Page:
ICD-10-CM Official Guidelines for Coding and Reporting, Section I.C.20, states: “An external cause code may be used with any code in the range of A00.0–T88.9, Z00–Z99, classification that represents a health condition due to an external cause. Assign the external cause code, with the appropriate 7th character (initial encounter, subsequent encounter, or sequela) for each encounter for which the injury or condition is being treated.”
Most categories in chapter 20 have a seventh character requirement for each applicable code. Most categories in this chapter have three seventh character values: A, initial encounter; D, subsequent encounter; and S, sequela. While the patient may be seen by a new or different provider over the course of treatment for an injury or condition, assignment of the seventh character for external cause should match the seventh character of the code assigned for the associated injury or condition for the encounter.
In addition, ICD-10-CM provides three sets of external cause codes to indicate medical or surgical care as the cause of a complication, one of which is specifically related to devices: Y70–Y82, Medical devices associated with adverse incidents in diagnostic and therapeutic use.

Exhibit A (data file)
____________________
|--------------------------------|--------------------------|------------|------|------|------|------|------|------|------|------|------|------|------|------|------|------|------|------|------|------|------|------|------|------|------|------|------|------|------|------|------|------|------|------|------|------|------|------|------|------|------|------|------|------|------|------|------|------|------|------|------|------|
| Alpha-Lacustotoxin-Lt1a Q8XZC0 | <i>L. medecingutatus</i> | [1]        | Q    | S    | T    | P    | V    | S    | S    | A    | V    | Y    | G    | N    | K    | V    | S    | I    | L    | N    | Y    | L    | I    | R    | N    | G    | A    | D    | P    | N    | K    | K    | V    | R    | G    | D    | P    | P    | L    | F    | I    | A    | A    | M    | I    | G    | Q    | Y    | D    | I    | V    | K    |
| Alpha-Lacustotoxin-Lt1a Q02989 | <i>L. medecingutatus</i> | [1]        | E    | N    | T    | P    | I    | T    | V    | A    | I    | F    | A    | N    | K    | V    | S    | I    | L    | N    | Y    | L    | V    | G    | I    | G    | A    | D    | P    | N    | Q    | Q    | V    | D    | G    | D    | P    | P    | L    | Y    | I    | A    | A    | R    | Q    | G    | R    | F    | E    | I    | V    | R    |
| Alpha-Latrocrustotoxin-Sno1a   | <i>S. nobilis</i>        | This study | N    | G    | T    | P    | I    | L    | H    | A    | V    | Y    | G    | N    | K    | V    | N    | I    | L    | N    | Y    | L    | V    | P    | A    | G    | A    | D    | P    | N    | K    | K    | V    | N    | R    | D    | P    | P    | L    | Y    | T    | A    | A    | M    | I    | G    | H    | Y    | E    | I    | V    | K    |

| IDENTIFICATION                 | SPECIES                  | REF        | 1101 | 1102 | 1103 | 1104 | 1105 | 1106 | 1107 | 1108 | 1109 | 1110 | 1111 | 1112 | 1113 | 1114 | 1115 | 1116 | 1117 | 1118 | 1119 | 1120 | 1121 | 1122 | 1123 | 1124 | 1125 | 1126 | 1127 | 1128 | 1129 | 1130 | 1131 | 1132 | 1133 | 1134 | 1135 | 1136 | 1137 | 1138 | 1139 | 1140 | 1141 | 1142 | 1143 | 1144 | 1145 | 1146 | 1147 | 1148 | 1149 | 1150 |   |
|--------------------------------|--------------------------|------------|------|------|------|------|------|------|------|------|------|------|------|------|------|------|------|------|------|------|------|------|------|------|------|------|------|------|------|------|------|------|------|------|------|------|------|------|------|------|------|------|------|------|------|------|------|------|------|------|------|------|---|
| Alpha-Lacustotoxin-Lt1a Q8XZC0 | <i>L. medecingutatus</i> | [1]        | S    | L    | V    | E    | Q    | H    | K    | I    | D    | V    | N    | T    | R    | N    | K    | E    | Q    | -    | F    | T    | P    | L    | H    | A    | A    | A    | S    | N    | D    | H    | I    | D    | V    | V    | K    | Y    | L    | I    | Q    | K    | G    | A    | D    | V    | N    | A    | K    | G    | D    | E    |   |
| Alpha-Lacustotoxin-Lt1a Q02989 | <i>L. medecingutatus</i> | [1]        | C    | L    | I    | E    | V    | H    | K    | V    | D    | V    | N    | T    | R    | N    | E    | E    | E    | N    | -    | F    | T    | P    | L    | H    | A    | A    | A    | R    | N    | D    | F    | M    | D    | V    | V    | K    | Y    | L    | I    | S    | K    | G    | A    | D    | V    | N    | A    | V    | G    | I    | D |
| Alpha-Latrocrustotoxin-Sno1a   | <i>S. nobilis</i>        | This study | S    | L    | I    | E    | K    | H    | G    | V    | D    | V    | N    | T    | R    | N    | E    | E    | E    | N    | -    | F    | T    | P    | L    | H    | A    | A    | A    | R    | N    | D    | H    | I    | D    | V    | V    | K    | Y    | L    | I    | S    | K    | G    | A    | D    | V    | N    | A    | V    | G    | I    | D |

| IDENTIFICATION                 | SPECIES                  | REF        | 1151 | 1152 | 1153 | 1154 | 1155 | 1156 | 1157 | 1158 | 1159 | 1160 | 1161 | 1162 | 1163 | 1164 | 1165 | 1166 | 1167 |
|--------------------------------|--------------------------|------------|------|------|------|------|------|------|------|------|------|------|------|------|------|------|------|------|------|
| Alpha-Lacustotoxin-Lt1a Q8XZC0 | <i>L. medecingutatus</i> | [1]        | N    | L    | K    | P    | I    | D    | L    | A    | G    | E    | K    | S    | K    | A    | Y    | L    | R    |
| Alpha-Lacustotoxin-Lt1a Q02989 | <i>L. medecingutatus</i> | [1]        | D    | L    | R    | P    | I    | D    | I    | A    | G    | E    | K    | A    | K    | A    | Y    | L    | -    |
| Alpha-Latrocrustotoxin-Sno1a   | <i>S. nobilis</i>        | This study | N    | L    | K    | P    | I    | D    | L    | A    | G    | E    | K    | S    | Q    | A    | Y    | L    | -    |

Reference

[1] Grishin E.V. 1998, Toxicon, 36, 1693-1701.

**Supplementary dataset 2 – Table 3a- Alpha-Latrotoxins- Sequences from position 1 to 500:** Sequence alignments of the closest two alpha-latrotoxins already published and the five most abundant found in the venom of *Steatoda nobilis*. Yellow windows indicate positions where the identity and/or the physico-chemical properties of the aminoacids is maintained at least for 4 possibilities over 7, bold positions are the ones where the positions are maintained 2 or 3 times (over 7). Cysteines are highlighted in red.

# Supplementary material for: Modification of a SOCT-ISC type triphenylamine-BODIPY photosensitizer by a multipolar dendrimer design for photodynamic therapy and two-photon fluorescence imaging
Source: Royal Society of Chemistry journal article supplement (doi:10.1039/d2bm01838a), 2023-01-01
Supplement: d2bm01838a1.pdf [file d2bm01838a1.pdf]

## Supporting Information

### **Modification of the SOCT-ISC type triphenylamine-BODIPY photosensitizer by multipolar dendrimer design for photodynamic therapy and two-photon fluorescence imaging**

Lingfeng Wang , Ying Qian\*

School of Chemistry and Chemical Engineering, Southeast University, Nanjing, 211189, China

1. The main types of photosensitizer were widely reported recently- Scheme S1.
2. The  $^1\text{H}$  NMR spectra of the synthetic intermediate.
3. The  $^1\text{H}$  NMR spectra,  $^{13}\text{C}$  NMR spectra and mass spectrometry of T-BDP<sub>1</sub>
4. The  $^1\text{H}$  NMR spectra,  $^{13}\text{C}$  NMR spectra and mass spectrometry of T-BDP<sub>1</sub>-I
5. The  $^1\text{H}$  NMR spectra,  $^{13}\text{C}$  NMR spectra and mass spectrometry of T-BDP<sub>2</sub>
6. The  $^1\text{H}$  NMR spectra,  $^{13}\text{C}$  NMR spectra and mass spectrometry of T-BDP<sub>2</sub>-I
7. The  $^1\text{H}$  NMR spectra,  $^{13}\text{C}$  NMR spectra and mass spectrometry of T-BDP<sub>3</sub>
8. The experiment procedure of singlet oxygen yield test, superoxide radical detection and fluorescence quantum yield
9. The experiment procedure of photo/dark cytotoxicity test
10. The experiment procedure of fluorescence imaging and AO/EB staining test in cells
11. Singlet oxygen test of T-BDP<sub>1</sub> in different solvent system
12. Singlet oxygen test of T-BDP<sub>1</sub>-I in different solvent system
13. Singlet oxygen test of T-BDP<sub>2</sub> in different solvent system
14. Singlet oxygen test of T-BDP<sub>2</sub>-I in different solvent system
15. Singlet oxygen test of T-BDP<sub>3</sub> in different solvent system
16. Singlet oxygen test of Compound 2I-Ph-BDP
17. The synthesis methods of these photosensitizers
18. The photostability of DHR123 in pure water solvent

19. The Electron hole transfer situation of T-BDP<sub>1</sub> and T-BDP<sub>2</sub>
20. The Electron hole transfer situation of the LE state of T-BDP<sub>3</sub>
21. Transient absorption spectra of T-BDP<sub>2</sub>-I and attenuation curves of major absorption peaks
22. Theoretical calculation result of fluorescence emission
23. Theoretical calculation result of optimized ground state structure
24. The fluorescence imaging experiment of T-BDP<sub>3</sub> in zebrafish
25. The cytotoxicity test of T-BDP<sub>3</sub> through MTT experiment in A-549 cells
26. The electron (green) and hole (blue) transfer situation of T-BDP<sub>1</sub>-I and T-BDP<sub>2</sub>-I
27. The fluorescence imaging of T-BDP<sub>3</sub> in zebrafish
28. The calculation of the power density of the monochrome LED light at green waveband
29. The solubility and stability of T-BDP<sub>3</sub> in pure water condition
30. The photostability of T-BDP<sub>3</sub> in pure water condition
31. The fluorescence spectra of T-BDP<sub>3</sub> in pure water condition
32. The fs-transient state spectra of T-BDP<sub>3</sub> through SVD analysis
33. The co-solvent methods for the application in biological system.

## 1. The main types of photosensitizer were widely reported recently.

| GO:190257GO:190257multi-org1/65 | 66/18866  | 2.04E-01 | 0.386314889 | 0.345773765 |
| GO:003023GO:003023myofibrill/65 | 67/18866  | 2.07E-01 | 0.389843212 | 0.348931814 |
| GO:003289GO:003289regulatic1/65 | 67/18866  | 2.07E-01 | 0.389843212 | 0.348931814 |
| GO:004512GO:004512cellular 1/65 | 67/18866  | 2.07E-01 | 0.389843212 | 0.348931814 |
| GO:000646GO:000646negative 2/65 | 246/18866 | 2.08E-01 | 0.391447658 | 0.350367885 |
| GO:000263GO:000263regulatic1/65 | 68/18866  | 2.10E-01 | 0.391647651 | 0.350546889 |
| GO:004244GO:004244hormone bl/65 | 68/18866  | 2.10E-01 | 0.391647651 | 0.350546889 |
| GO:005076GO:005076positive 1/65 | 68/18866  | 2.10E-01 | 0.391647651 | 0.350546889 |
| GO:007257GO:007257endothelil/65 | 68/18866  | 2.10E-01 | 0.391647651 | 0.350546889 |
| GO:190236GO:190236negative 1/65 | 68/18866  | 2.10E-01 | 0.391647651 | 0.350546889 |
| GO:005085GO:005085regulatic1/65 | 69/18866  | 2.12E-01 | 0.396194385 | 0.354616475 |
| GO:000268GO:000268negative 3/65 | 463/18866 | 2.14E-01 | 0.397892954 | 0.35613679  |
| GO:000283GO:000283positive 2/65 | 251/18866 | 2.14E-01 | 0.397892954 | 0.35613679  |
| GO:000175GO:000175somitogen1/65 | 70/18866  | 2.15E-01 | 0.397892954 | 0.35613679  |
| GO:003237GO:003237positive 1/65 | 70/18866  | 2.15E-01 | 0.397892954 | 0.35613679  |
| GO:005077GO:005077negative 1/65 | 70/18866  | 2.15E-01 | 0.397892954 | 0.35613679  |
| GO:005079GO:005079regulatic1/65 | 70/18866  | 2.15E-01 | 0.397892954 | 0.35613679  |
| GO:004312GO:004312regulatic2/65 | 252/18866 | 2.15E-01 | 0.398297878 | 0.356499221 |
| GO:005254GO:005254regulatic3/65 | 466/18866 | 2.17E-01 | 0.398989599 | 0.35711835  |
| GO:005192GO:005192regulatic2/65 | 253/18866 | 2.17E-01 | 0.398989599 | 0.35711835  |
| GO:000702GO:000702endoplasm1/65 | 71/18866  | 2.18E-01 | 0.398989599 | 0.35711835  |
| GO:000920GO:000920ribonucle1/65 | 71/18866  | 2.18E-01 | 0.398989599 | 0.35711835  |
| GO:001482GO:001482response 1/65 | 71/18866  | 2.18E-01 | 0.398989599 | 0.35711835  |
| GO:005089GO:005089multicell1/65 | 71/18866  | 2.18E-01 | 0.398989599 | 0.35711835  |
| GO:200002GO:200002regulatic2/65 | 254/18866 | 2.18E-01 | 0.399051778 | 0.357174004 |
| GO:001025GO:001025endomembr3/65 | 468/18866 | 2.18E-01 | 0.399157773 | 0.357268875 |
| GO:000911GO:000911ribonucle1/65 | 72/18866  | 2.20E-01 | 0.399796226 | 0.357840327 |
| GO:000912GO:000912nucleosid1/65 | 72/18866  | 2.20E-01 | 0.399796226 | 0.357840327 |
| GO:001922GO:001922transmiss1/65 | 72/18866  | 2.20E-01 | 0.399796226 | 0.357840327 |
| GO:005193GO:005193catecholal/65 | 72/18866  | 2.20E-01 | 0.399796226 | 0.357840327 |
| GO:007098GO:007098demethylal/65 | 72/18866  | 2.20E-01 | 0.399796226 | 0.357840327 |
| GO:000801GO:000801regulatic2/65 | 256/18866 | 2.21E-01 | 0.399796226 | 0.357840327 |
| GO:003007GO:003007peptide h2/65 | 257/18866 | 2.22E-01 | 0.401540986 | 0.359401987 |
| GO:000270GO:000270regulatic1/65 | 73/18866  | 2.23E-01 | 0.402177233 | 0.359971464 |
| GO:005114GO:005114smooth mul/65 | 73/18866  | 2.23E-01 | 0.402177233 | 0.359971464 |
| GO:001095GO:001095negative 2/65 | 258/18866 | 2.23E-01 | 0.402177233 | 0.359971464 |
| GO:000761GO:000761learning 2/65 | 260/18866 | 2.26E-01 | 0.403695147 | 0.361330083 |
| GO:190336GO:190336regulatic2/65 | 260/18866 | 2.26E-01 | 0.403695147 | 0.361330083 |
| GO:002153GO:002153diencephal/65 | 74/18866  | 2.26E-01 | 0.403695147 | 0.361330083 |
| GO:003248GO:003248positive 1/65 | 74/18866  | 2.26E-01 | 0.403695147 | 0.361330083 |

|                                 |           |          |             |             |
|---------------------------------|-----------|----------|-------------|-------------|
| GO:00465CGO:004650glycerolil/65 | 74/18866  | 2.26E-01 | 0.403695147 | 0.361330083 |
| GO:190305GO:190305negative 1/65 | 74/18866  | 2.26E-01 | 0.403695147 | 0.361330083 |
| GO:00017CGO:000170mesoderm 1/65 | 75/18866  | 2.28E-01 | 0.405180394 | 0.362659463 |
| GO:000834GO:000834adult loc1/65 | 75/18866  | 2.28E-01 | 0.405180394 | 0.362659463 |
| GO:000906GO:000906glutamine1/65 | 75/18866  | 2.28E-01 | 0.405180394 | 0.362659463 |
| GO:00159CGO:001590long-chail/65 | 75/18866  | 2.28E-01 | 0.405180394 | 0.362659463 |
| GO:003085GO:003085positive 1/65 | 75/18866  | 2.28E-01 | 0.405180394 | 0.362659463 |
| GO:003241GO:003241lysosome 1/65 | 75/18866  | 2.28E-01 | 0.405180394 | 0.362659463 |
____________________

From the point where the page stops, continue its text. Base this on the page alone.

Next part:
Categories Y70–Y82 are used to report breakdown or malfunction of medical devices during use, after implantation, or with ongoing use. This code range covers adverse incidents in a variety of devices including types used in anesthesiology, cardiology, obstetrics, and plastic surgery procedures. It is the coder’s responsibility to thoroughly review the ICD-10-CM index to ensure the correct code is reported.
Documentation of Complications of Care